Board of Trustees, 1950 to 1994. Ezra Taft Benson (1899-1994), Thirteenth President of The Church of Jesus Christ of Latter-day Saints, is noted for his extensive Church service and his distinguished career in government. He served forty-two years as a member of the Quorum of the Twelve Apostles and was U.S. Secretary of Agriculture for eight years in the administration of President Dwight D. Eisenhower. As President of the Church, he repeatedly bore witness that the Book of Mormon is the major instrument to bring the members of the Church and the world to Christ, and he admonished the Saints to strengthen their families and to preserve their God-given freedoms. President Benson was born August 4, 1899, in the small rural community of Whitney, Idaho, the oldest of eleven children born to George Taft Benson, Jr., and Sarah Dunkley. He was named after his great-grandfather, Ezra T. (Taft) Benson, an apostle, who entered the Salt Lake Valley with the first Mormon pioneer company in July 1847. The pioneer Ezra T. was the son of John Benson, Jr., and Chloe Taft of Mendon, Massachusetts. John Benson, Sr., was an officer during the American Revolution. Ezra Taft Benson was reared on the family farm in Whitney, driving a team of horses at the age of five, milking cows, and thinning sugar beets. He entered grade school at the age of eight. "Be as careful of the books you read as of the company you keep" was the counsel that governed his reading habits. Increased responsibility was thrust on him as a youth when his father was called as a missionary to the Northern States Mission, leaving behind his wife and seven children; the eighth was born while he was in the mission field. A spirit of missionary work enveloped the home, and all eleven children eventually served at least one full-time mission. In 1914, Ezra entered the Church-sponsored Oneida Academy in Preston, Idaho, graduating in 1918. That year as Scoutmaster, he led his Scouts into choral competition and won the Cache Valley chorus championship. Also during that year he enlisted in the military service just before the close of World War I. As a young man, he developed a love for the land and for the Lord, two fundamental influences in his ensuing life. He felt that the basic ingredient for successful farming was intelligent, hard work. To increase his agricultural skills, he took correspondence courses and began attending the Utah State Agricultural College (now Utah State University). He accepted a mission call to England in 1921, where he served as Newcastle Conference clerk, Sunderland Branch president, and president of the Newcastle Conference, which included all of northern England. Upon his return, he soon enrolled at Brigham Young University, where he was president of the Agriculture Club and Men's Glee Club and was named the most popular man on campus. He graduated with honors, majoring in animal husbandry with a minor in agronomy. He married Flora Smith Amussen in the Salt Lake Temple on September 10, 1926. She was the youngest child of Carl Christian Amussen, a Danish convert who crossed the plains and became a prominent Utah jeweler, and Barbara McIsaac Smith. Flora attended Utah State Agricultural College, where she served as vice-president of the student body, took the lead in a Shakespearean play, and won the women's singles tennis championship. She served a mission in the Hawaiian Islands. They became the parents of six children—Reed, Mark, Barbara, Beverly, Bonnie, and Beth. Benson received a research scholarship to Iowa State College, where he obtained his master's degree in agricultural economics on June 13, 1927. He returned to the family farm, which he and his brother Orval had purchased from their father, and on March 4, 1929, was appointed Franklin County agricultural agent. He helped farmers solve their problems by setting up demonstration farms, inviting in specialists, teaching crop rotation, and introducing improved varieties of grains. In 1930, he was promoted to agricultural economist and marketing specialist for the University of Idaho, with offices in the state capitol in Boise. Traveling throughout Idaho, he encouraged farmers to work cooperatively in producing and marketing their goods. For five years, he served as the executive secretary of the Idaho Cooperative Council. He took a leave in 1936 for additional graduate study, attending the University of California in Berkeley on a fellowship awarded by the Giannini Foundation for Agricultural Economics. Soon after his return to Boise, he was called by the Church in November 1938 to serve as stake president. In April 1939, he became executive secretary of the National Council of Farmer Cooperatives at its headquarters in Washington, D.C. The council represented some 4,000 cooperative purchasing and marketing organizations involving almost 1.6 million farmers. Ezra Benson represented cooperatives before committees of Congress and served on a four-man national agriculture advisory committee to President Franklin D. Roosevelt during World War II. On June 30, 1940, the Church called him as the first president of the Washington, D.C., stake, and on July 26, 1943, he was called to the Quorum of the Twelve Apostles. He was sustained in that position at the October general conference and was ordained an apostle by President Heber J. Grant on October 7, 1943. In December 1945, following the devastation of World War II, President George Albert Smith called Elder Benson to be the European mission president. His faith in the Lord, administrative skills, and experience in dealing with government helped him accomplish the four-point charge given to him by the First Presidency: "First, to attend to the spiritual affairs of the Church in Europe; second, to work to make available food, clothing, and bedding to our suffering Saints in all parts of Europe; third, to direct the reorganization of the missions of Europe; and, fourth, to prepare for the return of missionaries to those countries". He was among the first American civilians to administer relief in many of the devastated areas. During his first five months in Europe, he visited over one hundred cities in thirteen countries. Within ten months, he completed his mission, having distributed ninety-two boxcar loads of food, clothing, bedding, and medical supplies; reopened missions with new mission presidents and full-time missionaries; and given the Latter-day Saints in Europe a renewed spirit of hope. In 1952, following the counsel of President David O. McKay, Ezra Taft Benson accepted the Cabinet position of Secretary of Agriculture in the Eisenhower administration. His selection was greeted with widespread approval. In his "General Statement on Agricultural Policy," he said, "The supreme test of any government policy, agricultural or other, should be 'How will it affect the character, morale, and well-being of our people?' …A completely planned and subsidized economy weakens initiative, discourages industry, destroys character, and demoralizes the people" (Benson, 1962, p. 602). He assumed office when farm income was declining and wartime legislation was piling up surpluses in government warehouses, inviting increased government controls of agriculture. He worked to reverse that course, winning significant legislative victories in spite of intense political opposition. He became known for his integrity, and friend and foe alike acknowledged that he was a man of religious principles who stood by his convictions despite political pressures. He traveled hundreds of thousands of miles, carrying his farm message throughout the nation and the world, and aggressively encouraged consumption of U.S. farm products. He authored three books, Farmers at the Crossroads (1956), Freedom to Farm (1960), and Crossfire: The Eight Years with Eisenhower (1962). He served eight years in the Cabinet, meeting with heads of state and agriculture leaders and farmers in over forty nations. He had discussions with such leaders as Chiang Kai-shek, Nehru, Khrushchev, King Hussein, and David Ben-Gurion. During this time, his example and activities brought positive and widespread attention to the Church. President David O. McKay said that Secretary Benson's work in the Cabinet would "stand for all time as a credit to the Church and the nation". With the encouragement of President David O. McKay, a major thrust of Elder Benson's many Church and civic addresses pertained to freedom and the threats to it. The substance of those messages is found in his books The Red Carpet (1962), Title of Liberty (1964), and An Enemy Hath Done This (1969). In Church general conference in April 1965, he warned, "To have been on the wrong side of the freedom issue during the war in heaven meant eternal damnation. How then can Latter-day Saints expect to be on the wrong side in this life and escape the eternal consequences?" President Benson's international stature helped to facilitate the acceptance and growth of the Church throughout the world. He dedicated several nations to the preaching of the gospel, established the first stakes in many countries, and supervised various areas of the world. He served as chairman of Quorum of the Twelve committees and sat on numerous boards. In December 1973, Ezra Taft Benson became president of the Quorum of the Twelve Apostles. His executive abilities were again demonstrated in this calling. A great spirit of unity was manifest, and he measured proposed policies or procedures by the yardstick "What is best for the kingdom?" (Petersen, p. 3). Brigham Young University honored him by establishing the Ezra Taft Benson Agriculture and Food Institute in 1975 to help relieve world food problems and raise the quality of global life through improved nutrition and enlightened agriculture practices. Many national and international citations and awards, including a number of honorary doctorate degrees, were bestowed on him. From the Boy Scouts of America he received the Silver Beaver, Silver Antelope, and Silver Buffalo; he served on their National Executive Board. On April 1, 1989, he was presented world Scouting's highest award, the Bronze Wolf. During his ninetieth birthday celebration, the President of the United States conferred upon him the Presidential Citizens Medal, naming him "one of the most distinguished Americans of his time". Upon the death of President Spencer W. Kimball, Ezra Taft Benson became President of the Church on November 10, 1985, at the age of eighty-six. At that time he delivered a statement reiterating the mission of the Church—to preach the gospel, perfect the Saints, and redeem the dead—and reaffirming that the Church is led by the Lord Jesus Christ. He selected as his counselors in the First Presidency Gordon B. Hinckley and Thomas S. Monson. The new First Presidency soon issued a special invitation to those members who had ceased activity or become critical of the Church to "come back" (Church News, Dec. 22, 1985, p. 3), and they opened the temples to worthy members married to unendowed spouses. He was President during the Bicentennial of the U.S. Constitution and, as one of its greatest defenders, he delivered messages honoring this divine document and its inspired framers (The Constitution: A Heavenly Banner, Salt Lake City, 1986). During his presidency, new temples were announced and several were dedicated, and missionary work expanded around the world with special opportunities being afforded, particularly in Eastern Europe, in countries previously closed. For nearly fifty years his thousands of speeches stressed mankind's three great loyalties—loyalty to God, loyalty to family, and loyalty to country.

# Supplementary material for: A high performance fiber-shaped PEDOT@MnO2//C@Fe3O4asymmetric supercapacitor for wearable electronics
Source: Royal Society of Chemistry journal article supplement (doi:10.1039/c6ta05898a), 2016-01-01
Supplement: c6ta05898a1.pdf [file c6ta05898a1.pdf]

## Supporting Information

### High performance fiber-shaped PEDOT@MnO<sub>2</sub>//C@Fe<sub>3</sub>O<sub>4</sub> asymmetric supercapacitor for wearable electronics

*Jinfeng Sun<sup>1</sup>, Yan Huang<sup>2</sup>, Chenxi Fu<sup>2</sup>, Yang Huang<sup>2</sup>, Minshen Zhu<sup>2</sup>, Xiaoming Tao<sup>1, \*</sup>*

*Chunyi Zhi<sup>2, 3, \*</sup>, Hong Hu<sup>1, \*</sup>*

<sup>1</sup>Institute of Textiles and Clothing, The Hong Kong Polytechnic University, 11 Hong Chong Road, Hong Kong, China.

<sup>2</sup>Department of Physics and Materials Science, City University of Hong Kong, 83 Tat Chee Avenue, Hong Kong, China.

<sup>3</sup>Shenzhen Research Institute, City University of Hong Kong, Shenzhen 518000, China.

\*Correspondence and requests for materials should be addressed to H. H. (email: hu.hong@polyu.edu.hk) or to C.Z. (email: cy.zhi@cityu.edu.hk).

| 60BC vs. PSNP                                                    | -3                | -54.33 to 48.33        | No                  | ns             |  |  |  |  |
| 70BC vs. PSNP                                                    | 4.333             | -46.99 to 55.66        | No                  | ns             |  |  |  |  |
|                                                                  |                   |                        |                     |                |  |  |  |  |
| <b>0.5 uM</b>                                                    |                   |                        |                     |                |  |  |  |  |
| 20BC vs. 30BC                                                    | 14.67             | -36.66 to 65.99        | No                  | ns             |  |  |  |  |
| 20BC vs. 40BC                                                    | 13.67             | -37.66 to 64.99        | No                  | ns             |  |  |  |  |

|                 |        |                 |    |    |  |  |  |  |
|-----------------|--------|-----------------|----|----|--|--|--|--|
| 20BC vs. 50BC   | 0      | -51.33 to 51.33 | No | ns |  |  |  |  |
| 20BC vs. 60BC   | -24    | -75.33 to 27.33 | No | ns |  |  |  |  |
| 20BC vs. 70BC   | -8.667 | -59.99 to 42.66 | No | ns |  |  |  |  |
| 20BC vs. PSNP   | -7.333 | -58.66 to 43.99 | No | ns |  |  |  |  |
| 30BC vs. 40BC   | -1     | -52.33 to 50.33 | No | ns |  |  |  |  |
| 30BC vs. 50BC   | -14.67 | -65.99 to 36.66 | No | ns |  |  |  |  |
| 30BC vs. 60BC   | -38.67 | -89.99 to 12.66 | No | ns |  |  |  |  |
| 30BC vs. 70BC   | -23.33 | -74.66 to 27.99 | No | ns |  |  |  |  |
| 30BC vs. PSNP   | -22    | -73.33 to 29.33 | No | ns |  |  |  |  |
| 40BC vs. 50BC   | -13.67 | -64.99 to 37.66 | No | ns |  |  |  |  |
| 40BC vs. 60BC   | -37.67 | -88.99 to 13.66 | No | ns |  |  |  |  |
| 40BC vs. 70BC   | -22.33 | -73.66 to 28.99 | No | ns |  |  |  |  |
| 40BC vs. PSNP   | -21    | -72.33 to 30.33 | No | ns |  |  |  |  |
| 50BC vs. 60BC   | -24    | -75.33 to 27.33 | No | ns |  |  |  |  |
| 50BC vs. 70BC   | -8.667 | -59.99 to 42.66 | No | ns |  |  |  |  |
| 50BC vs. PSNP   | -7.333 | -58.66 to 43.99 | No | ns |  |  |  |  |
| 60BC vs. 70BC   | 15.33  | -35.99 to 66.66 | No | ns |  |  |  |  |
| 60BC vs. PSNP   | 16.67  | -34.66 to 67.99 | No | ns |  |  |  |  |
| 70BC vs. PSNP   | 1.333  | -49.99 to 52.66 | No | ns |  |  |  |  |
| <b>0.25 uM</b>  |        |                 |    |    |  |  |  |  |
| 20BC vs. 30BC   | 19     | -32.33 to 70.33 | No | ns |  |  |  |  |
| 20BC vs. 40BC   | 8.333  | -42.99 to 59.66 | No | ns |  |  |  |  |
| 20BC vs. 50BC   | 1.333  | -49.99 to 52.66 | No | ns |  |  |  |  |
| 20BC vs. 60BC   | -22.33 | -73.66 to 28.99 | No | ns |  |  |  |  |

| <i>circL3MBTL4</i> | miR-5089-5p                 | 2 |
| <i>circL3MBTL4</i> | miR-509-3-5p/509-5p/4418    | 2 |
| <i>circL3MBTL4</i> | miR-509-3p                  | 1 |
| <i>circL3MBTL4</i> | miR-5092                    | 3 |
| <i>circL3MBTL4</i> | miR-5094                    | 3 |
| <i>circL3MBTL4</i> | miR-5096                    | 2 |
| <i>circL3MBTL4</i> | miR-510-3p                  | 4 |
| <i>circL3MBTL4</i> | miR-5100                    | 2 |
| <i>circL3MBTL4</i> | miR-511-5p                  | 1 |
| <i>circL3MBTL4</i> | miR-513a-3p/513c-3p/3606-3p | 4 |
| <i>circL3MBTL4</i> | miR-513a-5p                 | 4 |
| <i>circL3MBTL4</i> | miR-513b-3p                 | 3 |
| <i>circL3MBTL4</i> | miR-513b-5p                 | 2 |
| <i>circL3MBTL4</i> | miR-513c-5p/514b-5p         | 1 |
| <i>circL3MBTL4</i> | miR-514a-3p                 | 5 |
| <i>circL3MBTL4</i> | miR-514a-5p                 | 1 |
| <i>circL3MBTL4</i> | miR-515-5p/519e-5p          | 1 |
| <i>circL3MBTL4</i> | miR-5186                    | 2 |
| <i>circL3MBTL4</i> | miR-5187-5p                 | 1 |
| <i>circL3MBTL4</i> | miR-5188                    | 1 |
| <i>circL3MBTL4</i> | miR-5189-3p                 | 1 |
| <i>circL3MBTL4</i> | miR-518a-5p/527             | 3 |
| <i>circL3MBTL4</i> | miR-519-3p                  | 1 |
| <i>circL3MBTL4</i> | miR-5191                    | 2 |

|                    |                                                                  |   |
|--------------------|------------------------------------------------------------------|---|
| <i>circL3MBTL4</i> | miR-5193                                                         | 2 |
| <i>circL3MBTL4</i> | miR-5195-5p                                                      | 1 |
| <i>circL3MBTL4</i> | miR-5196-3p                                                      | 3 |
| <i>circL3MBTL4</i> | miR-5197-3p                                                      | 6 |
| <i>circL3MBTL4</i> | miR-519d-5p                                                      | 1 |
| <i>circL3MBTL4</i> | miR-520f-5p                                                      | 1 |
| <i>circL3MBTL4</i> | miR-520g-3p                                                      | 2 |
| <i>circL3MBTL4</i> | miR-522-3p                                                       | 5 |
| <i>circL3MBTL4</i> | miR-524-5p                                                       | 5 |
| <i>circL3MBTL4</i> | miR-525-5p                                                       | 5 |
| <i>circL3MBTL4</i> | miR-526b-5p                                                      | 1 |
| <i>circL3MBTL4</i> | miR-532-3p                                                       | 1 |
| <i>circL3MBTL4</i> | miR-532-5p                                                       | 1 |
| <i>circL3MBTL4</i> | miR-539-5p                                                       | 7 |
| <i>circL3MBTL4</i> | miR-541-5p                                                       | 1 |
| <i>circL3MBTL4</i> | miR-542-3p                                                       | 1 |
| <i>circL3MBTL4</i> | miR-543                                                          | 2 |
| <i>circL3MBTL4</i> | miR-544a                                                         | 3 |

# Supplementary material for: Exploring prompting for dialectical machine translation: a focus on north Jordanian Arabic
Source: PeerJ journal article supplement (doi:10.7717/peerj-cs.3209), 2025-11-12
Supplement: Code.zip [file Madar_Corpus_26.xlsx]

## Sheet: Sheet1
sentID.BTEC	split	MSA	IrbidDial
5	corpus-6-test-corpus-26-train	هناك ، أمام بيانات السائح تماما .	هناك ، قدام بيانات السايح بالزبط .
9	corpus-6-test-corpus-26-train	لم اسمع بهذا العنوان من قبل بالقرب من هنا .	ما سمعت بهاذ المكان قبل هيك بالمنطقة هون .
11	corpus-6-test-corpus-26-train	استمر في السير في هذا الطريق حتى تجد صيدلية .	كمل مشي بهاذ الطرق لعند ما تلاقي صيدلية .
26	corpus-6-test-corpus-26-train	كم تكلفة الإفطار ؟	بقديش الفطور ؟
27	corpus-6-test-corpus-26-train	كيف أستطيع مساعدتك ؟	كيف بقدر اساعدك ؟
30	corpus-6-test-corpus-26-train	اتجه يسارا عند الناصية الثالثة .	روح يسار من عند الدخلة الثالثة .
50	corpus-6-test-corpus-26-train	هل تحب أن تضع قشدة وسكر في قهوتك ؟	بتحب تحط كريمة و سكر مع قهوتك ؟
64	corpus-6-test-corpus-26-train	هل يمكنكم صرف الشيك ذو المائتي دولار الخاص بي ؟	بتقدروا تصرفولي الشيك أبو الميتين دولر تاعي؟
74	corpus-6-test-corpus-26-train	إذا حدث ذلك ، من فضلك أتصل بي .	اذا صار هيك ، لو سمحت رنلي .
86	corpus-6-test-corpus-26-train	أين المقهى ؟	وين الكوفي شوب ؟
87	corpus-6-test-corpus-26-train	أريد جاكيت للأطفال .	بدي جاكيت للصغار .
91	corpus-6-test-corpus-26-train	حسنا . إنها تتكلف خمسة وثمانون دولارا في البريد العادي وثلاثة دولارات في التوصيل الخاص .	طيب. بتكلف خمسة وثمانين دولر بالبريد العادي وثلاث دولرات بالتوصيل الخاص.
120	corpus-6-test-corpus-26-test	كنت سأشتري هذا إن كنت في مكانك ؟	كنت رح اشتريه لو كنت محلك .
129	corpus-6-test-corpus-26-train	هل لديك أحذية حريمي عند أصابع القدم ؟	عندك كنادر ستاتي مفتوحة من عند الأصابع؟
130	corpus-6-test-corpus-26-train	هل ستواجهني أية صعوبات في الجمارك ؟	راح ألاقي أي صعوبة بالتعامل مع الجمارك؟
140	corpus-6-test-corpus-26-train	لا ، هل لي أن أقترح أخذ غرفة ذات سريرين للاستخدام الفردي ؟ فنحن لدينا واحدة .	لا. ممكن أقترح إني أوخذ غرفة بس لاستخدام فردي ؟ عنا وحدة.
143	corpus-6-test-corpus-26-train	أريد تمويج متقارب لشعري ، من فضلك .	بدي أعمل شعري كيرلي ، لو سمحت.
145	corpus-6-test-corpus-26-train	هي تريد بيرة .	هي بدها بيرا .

Bowen, Albert E.